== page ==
A team of researchers funded by NASA’s Astrobiology Institute are applying genomics and proteomics to understand how “hitchhiker” microbes could withstand long trips on meteorites through the frigid depths of space.
The project will focus on bacteria found in permanently frozen Arctic and Antarctic soils. These indigenous microbes not only resist cold, desiccation, and starvation in the nutrient-poor permafrost environment, but they manage to stave off the effects of aging, says Jim Tiedje, director of the Center for Microbial Ecology at Michigan State University. In subzero temperatures everything slows down, so the micro-organisms cannot quickly proliferate. Instead, they maintain their DNA, cell membranes, ribosomes, and other structures, perhaps for thousands of years.
The team will use microarray gene expression analysis to focus on the roles of specific genes in coping with the cold, and HPLC separation and MALDI-TOF mass spectrometry to determine protein structure and function relationships. Collaborators at the Department of Energy’s Joint Genome Institute will sequence the bacterial genomes.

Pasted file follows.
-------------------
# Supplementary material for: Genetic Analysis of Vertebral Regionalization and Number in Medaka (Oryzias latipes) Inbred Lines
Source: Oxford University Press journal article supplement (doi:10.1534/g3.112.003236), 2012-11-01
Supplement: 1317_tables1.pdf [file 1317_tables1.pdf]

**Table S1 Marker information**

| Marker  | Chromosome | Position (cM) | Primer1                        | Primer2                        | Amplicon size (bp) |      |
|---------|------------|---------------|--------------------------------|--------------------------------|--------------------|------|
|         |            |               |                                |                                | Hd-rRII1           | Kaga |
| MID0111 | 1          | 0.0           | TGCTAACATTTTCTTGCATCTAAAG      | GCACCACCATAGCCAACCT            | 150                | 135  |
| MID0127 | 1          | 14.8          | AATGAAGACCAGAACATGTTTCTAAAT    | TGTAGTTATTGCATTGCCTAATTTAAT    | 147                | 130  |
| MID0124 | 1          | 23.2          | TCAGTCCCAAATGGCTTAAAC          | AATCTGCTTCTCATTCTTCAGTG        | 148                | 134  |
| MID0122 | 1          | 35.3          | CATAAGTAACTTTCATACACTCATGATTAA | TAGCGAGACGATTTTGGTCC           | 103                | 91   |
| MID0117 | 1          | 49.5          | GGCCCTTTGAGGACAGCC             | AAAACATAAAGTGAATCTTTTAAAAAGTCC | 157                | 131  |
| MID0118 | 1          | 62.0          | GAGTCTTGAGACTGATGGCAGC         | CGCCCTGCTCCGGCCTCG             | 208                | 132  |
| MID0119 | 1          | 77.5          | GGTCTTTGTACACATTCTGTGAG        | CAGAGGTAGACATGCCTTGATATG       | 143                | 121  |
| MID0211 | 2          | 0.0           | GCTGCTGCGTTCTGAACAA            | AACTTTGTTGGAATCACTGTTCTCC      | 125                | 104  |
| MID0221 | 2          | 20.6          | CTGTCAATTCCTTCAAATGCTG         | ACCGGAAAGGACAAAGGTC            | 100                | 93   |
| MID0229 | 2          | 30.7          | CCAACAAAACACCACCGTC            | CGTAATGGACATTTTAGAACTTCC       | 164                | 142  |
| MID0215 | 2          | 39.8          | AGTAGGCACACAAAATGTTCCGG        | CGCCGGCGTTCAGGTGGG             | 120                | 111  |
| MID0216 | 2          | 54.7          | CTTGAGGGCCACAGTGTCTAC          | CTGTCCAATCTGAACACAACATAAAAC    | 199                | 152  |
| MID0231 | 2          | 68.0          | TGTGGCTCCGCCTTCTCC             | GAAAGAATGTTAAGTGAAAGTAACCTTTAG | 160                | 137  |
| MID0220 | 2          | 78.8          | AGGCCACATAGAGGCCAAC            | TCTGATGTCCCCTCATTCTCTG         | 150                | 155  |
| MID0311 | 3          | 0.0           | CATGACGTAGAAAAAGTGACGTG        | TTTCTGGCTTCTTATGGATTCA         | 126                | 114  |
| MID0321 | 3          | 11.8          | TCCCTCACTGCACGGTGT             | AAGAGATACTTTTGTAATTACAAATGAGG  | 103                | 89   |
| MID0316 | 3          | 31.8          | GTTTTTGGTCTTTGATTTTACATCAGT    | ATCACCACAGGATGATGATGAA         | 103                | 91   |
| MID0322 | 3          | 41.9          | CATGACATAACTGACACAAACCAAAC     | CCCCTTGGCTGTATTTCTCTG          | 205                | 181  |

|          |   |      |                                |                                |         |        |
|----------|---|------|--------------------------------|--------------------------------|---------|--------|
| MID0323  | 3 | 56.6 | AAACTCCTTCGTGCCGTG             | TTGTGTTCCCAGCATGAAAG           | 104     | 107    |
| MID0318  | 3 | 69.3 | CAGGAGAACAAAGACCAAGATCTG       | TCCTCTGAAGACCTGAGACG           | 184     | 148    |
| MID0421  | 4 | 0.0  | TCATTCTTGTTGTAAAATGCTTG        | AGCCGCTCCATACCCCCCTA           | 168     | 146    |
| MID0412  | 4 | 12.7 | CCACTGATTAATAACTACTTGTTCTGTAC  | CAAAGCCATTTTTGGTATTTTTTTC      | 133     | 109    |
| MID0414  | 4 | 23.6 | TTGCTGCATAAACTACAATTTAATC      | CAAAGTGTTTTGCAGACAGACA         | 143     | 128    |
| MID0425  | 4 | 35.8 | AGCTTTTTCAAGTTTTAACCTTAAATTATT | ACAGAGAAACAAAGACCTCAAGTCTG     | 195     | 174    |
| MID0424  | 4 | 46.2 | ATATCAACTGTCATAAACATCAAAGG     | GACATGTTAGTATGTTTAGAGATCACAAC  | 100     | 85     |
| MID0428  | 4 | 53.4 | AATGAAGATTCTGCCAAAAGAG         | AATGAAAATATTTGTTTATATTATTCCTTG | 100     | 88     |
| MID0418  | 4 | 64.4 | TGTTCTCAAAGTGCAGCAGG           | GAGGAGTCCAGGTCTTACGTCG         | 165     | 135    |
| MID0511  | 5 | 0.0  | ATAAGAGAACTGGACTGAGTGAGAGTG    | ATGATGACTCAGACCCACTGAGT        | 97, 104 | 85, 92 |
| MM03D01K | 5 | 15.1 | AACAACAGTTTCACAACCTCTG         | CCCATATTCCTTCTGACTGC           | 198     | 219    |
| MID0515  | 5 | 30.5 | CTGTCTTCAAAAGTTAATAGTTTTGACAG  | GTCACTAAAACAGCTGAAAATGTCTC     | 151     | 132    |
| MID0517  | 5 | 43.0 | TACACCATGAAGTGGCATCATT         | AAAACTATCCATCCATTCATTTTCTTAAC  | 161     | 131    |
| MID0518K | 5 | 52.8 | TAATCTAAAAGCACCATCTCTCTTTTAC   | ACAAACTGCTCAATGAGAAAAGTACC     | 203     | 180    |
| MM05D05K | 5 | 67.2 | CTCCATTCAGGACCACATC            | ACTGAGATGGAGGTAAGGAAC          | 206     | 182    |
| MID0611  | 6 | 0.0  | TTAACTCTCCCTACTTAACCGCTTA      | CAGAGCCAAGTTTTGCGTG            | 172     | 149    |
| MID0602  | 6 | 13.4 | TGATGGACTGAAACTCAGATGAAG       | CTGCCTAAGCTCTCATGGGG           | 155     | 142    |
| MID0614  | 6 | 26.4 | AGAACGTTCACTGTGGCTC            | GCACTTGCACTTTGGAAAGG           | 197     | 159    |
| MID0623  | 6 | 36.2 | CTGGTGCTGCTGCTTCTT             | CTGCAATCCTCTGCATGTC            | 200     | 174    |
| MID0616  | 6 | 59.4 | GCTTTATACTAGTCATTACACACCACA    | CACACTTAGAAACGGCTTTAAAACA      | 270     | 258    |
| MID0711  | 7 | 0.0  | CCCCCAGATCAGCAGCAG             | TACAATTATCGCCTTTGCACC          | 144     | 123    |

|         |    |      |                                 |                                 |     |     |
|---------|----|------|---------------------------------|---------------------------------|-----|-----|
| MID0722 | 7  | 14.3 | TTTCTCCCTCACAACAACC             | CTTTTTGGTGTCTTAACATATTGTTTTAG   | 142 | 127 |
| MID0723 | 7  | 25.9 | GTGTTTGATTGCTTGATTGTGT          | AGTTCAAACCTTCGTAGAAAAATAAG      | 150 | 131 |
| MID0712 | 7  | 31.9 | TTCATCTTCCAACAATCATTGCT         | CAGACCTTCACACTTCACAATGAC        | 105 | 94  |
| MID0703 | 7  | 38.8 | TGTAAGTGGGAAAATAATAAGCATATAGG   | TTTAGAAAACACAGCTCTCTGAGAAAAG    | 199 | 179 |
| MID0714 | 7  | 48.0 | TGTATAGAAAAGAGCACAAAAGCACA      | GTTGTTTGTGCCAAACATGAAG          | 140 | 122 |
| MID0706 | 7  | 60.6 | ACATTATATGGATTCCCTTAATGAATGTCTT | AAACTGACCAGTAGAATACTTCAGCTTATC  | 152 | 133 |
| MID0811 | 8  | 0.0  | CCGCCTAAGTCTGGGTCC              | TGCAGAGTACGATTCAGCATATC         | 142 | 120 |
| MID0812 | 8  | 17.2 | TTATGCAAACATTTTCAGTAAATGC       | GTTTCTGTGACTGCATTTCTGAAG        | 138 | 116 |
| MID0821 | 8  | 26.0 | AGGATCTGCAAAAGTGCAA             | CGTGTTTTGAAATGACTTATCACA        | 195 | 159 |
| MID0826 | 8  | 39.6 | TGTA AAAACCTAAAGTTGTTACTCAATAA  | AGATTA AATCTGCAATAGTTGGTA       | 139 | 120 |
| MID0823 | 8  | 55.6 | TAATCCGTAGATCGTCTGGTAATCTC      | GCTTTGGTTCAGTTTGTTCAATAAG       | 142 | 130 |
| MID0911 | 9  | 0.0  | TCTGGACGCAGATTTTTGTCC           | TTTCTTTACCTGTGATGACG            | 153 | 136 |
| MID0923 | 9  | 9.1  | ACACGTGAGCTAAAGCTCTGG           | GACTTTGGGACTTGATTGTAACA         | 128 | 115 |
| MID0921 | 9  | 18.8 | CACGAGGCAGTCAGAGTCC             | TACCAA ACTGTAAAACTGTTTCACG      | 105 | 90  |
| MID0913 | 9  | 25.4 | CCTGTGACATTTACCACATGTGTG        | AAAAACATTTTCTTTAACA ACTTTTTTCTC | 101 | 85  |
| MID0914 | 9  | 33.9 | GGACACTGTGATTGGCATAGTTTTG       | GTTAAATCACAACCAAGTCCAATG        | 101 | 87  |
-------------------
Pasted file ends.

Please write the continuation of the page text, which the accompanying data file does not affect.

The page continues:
One question to be answered is whether these microbes have unique “freezing tolerance” genes and proteins, or whether their hardiness comes from specialized alleles of common bacterial genes. The bacteria are phylogenetically distant from those found in the soils of warmer regions, and are most closely related to those found in other extremely cold environments, such as Arctic sea ice.
— Sherri Chasin Calvo